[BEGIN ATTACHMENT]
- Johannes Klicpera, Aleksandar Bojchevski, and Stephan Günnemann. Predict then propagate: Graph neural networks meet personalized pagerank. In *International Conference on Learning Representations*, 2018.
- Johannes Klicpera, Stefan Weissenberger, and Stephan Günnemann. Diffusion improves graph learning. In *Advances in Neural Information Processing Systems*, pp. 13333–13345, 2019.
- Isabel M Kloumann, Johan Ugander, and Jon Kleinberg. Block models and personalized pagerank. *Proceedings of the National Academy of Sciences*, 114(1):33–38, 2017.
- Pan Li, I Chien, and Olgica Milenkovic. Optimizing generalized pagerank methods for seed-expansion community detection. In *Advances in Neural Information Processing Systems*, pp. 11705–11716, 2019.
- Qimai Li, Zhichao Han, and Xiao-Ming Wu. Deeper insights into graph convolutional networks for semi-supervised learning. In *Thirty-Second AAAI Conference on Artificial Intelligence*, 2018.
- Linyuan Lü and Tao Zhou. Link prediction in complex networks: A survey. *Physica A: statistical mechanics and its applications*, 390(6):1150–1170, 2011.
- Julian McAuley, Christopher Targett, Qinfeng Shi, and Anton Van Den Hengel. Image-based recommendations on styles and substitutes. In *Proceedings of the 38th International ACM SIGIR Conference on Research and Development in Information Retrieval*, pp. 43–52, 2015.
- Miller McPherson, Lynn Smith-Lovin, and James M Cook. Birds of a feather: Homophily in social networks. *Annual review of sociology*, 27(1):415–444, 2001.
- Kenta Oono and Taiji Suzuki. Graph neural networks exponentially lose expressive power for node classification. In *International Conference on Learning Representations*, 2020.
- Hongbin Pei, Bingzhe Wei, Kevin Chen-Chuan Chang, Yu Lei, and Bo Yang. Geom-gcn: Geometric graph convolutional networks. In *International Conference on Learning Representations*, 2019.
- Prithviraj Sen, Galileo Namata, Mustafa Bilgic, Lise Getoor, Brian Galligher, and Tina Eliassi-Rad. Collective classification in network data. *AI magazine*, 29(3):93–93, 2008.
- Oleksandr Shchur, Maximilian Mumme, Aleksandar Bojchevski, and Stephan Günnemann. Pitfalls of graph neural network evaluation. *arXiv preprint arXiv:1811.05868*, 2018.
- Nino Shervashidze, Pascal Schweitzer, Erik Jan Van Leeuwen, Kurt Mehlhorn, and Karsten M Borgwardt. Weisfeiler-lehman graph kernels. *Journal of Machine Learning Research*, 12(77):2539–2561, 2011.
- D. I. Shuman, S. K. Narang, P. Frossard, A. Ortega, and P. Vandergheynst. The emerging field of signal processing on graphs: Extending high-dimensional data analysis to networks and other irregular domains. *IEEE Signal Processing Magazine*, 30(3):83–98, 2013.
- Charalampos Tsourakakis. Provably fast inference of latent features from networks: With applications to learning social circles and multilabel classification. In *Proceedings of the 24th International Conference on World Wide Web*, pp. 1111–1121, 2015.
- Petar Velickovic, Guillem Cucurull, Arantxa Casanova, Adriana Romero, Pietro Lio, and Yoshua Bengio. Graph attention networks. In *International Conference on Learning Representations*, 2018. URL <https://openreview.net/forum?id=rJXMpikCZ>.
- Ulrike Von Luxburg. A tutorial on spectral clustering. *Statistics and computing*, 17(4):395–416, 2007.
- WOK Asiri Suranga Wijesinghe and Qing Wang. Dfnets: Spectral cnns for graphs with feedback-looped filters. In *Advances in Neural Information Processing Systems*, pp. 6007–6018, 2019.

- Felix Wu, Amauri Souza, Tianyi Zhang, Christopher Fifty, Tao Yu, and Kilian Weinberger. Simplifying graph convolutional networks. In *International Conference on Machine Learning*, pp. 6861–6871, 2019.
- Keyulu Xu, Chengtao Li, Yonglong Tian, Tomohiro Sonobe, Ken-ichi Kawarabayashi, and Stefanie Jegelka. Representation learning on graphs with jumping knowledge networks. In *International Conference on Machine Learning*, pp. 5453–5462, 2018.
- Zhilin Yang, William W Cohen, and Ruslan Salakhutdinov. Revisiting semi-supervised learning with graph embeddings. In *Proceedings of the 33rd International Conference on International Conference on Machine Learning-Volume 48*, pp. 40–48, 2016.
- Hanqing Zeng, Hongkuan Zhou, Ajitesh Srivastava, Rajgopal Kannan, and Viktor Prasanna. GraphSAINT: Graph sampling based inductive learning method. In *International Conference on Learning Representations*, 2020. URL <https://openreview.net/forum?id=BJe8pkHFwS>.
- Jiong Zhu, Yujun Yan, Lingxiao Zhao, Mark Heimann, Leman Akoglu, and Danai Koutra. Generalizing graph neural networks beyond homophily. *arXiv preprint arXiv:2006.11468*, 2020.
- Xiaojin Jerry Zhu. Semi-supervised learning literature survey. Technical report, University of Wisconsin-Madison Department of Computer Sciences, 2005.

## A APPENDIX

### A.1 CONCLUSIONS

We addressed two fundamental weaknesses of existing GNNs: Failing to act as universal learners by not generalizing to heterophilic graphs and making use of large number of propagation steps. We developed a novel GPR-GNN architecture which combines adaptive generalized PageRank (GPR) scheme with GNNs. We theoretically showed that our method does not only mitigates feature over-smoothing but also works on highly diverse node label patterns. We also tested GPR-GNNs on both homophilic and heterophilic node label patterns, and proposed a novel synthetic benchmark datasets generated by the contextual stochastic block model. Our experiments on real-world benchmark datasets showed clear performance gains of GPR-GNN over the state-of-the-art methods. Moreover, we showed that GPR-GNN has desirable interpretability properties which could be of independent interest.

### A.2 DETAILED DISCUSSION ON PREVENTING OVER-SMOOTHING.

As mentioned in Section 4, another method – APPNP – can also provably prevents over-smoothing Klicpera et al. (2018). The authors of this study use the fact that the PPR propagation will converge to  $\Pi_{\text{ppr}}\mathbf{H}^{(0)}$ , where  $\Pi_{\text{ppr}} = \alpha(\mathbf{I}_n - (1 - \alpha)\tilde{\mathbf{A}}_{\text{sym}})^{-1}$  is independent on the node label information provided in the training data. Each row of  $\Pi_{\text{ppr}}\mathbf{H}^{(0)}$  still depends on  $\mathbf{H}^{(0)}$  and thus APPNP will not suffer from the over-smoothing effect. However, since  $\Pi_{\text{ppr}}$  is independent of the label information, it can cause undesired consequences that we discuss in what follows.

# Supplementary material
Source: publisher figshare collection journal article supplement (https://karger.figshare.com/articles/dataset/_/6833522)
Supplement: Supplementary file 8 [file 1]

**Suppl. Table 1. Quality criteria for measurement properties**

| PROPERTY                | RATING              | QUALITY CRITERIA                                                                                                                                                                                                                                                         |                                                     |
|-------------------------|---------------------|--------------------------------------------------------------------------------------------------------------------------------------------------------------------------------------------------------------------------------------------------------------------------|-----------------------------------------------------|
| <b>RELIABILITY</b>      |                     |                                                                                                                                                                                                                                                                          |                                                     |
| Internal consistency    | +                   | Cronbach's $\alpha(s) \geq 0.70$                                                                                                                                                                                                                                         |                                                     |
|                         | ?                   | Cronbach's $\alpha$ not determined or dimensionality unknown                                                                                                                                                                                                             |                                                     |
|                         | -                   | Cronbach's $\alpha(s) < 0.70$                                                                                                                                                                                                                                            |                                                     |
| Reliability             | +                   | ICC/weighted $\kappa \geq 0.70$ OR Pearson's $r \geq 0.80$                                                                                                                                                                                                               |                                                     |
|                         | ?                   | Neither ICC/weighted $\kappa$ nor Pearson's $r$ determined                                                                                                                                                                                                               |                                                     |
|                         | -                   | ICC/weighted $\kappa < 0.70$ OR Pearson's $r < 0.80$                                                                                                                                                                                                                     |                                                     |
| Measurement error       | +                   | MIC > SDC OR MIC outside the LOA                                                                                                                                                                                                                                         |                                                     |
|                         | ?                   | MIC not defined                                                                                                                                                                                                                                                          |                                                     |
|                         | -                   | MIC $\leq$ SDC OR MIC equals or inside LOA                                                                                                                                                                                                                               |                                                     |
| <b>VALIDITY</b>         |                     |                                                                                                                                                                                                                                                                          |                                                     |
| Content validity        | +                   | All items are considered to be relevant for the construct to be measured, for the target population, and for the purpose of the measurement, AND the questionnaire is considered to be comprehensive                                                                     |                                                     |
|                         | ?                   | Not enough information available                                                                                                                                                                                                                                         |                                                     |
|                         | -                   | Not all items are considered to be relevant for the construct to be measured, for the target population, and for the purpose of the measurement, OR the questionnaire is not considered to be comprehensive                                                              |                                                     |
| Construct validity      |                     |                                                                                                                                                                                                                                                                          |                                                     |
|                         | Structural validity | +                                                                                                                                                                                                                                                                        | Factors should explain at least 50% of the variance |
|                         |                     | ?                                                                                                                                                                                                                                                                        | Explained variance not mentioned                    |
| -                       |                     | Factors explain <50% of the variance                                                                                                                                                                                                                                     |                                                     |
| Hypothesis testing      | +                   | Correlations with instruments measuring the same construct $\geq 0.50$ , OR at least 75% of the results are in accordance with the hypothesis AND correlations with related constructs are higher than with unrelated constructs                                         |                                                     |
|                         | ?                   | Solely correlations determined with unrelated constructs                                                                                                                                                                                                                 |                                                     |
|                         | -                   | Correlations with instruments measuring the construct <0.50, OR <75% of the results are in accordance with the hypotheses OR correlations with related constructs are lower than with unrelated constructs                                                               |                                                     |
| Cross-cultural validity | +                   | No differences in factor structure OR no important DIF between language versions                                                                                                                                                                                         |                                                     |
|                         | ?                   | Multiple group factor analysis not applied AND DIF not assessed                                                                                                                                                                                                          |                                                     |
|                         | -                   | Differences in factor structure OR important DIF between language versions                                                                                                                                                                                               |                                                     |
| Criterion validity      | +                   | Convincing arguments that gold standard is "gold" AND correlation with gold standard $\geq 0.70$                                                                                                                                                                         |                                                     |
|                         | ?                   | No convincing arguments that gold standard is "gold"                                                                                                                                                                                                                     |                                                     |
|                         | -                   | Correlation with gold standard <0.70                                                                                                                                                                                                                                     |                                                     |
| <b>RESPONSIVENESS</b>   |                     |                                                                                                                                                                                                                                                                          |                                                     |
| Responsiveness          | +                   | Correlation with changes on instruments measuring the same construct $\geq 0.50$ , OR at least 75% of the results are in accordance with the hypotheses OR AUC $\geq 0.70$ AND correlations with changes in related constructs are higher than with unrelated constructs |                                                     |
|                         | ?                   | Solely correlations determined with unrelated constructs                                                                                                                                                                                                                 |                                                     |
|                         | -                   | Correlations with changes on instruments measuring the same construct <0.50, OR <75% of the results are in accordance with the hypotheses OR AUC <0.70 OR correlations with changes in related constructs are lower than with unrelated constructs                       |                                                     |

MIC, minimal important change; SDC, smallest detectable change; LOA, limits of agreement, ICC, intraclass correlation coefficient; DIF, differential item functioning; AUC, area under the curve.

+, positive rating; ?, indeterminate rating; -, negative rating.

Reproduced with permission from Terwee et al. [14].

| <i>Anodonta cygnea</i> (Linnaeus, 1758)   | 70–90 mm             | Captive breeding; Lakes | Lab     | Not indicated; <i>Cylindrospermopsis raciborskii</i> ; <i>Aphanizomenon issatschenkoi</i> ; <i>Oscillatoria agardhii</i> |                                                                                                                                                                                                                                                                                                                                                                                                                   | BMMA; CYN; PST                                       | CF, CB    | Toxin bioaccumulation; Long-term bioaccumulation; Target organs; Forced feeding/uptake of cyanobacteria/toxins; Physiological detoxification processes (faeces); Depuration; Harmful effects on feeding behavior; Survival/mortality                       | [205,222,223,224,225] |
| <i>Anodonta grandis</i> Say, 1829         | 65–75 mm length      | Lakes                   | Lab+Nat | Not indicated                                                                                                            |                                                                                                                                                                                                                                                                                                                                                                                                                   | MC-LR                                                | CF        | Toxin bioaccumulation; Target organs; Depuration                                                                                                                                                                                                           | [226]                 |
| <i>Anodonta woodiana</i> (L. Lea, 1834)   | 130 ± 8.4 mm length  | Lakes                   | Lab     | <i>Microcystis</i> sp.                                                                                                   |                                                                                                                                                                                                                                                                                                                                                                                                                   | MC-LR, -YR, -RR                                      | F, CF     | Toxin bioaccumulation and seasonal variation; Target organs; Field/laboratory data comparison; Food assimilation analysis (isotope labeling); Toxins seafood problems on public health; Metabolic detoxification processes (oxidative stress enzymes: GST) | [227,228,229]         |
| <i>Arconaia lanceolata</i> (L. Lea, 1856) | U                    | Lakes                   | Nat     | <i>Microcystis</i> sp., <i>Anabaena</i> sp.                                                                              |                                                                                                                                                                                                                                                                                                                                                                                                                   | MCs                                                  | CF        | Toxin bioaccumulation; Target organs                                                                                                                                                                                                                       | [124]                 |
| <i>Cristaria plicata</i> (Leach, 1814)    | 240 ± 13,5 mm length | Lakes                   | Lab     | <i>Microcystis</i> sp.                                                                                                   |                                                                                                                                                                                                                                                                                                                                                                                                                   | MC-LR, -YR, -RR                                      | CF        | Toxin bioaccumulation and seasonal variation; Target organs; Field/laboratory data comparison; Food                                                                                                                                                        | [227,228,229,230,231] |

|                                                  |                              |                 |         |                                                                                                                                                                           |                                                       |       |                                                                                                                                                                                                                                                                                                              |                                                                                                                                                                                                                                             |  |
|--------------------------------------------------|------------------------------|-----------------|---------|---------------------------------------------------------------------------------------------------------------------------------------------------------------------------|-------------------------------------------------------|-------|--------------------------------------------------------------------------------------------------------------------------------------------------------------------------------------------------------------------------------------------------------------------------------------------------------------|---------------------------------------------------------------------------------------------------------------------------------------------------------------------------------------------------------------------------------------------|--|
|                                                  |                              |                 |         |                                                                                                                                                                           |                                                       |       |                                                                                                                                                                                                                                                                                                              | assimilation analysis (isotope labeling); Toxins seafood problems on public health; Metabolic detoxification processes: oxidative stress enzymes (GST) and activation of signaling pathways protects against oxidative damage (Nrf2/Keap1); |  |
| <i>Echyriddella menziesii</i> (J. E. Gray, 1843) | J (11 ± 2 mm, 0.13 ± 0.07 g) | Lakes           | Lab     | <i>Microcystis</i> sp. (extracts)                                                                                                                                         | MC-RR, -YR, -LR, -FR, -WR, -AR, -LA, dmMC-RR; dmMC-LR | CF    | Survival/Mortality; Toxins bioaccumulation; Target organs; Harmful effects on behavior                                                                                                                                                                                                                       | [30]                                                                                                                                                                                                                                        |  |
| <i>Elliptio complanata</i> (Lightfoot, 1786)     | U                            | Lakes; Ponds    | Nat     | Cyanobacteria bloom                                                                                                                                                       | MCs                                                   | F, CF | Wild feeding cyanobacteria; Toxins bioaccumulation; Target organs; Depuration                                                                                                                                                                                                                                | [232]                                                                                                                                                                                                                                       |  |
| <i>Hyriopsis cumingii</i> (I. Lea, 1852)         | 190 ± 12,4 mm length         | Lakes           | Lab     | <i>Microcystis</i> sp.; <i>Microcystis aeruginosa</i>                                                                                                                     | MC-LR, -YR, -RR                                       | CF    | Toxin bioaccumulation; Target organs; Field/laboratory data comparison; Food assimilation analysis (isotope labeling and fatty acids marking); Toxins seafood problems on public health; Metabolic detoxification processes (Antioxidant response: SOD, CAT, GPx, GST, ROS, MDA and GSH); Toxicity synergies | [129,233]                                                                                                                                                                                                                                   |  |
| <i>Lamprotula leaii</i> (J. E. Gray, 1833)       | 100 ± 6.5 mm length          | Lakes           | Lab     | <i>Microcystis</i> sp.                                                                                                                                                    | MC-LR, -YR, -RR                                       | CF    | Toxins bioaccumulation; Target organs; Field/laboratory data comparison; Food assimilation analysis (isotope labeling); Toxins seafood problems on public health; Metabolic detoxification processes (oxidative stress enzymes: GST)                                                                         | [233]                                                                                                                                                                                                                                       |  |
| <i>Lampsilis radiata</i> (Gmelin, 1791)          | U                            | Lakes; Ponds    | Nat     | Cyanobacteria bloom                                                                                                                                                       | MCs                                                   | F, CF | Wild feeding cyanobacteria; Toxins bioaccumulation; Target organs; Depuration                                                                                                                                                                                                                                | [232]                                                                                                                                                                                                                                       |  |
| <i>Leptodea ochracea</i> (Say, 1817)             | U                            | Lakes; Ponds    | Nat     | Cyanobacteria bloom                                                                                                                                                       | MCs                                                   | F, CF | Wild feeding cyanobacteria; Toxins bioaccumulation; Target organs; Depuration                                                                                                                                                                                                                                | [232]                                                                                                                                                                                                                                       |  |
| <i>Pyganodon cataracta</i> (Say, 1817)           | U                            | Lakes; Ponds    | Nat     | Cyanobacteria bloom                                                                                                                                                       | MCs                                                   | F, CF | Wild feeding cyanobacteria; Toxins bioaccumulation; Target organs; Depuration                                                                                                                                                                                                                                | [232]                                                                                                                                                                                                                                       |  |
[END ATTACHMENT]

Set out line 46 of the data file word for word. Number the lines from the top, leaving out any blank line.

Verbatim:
| <b>VALIDITY</b>         |                     |                                                                                                                                                                                                                                                                          |                                                     |